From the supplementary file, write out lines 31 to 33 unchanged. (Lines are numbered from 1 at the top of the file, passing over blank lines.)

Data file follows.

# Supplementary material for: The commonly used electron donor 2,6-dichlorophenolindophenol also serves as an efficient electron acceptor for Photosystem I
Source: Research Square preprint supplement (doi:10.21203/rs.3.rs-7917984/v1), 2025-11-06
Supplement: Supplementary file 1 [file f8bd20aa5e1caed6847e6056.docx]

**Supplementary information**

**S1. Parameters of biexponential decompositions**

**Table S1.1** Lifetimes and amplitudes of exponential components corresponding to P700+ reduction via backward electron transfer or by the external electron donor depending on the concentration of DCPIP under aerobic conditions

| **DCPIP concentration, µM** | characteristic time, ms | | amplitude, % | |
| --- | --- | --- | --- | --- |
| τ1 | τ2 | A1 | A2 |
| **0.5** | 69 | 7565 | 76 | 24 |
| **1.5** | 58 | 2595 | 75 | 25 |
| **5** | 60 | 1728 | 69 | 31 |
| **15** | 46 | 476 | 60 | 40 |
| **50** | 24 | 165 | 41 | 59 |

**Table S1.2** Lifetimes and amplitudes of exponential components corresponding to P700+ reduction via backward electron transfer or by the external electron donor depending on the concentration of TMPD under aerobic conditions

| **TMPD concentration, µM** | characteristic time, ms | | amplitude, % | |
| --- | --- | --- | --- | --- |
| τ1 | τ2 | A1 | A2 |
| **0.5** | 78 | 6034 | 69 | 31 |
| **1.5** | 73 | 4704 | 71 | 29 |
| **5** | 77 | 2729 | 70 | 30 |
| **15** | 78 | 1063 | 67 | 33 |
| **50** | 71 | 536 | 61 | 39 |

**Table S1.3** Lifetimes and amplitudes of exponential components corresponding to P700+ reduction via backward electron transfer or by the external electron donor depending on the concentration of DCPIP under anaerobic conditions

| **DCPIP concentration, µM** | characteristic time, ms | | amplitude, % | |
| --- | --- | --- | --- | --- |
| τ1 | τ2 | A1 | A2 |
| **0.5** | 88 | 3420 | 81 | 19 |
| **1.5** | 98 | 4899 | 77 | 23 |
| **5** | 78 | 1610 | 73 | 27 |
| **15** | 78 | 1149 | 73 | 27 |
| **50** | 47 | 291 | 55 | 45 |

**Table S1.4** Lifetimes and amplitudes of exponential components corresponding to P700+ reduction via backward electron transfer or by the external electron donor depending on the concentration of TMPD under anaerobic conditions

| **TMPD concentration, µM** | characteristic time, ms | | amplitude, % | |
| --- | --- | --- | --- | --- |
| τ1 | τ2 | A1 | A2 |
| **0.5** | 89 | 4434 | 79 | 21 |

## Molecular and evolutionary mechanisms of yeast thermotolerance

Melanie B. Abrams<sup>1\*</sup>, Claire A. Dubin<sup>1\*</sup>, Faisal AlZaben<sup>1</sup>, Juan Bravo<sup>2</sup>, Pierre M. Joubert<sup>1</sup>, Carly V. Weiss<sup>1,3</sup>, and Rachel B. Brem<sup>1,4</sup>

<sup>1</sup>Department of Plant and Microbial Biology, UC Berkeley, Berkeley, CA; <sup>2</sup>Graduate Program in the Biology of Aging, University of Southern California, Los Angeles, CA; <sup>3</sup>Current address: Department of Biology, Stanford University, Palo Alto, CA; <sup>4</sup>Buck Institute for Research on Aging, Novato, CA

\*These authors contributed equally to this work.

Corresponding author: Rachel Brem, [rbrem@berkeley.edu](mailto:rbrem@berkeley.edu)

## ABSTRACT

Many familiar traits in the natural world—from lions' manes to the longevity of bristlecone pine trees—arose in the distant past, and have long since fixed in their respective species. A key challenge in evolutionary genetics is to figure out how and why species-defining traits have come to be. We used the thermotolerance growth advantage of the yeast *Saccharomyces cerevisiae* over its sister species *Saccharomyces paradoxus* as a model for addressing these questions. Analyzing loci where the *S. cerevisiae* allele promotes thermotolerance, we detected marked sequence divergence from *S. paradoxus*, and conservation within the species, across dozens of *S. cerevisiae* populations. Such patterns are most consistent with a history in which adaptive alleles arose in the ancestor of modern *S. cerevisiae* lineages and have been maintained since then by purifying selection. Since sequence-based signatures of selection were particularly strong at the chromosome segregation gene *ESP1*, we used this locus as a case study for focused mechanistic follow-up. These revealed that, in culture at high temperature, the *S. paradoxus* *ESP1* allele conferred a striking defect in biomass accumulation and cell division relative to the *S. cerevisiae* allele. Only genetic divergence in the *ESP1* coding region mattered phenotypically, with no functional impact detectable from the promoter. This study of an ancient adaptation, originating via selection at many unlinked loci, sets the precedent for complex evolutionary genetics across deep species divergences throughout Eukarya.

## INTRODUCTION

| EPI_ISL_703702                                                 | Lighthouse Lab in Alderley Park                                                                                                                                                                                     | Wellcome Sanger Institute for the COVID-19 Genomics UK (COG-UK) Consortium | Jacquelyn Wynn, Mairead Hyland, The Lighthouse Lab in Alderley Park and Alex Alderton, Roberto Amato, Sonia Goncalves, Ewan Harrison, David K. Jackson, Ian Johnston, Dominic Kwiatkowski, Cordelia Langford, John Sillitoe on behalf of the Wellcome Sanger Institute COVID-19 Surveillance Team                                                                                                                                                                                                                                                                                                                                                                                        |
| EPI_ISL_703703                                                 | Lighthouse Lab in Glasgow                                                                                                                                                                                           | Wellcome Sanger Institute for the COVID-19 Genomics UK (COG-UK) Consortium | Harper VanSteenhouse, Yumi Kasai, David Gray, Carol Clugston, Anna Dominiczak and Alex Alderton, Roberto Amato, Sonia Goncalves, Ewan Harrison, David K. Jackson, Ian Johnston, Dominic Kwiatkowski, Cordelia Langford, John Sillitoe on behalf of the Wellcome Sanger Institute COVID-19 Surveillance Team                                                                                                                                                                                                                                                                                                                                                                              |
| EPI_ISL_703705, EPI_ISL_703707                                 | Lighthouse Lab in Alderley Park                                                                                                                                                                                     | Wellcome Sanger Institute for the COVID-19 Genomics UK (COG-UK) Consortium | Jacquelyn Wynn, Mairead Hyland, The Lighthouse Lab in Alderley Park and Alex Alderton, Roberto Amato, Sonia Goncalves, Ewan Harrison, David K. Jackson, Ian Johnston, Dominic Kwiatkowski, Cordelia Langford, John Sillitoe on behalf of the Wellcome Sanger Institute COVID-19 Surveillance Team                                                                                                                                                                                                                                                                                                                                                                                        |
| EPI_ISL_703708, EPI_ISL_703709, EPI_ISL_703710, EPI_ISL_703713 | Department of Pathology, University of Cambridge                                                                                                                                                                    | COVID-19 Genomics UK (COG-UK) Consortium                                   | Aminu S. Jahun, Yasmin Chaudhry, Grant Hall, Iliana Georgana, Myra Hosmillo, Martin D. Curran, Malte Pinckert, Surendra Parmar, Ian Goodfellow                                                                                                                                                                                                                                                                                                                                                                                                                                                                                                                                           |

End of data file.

| **15** | 78 | 1149 | 73 | 27 |
| **50** | 47 | 291 | 55 | 45 |

**Table S1.4** Lifetimes and amplitudes of exponential components corresponding to P700+ reduction via backward electron transfer or by the external electron donor depending on the concentration of TMPD under anaerobic conditions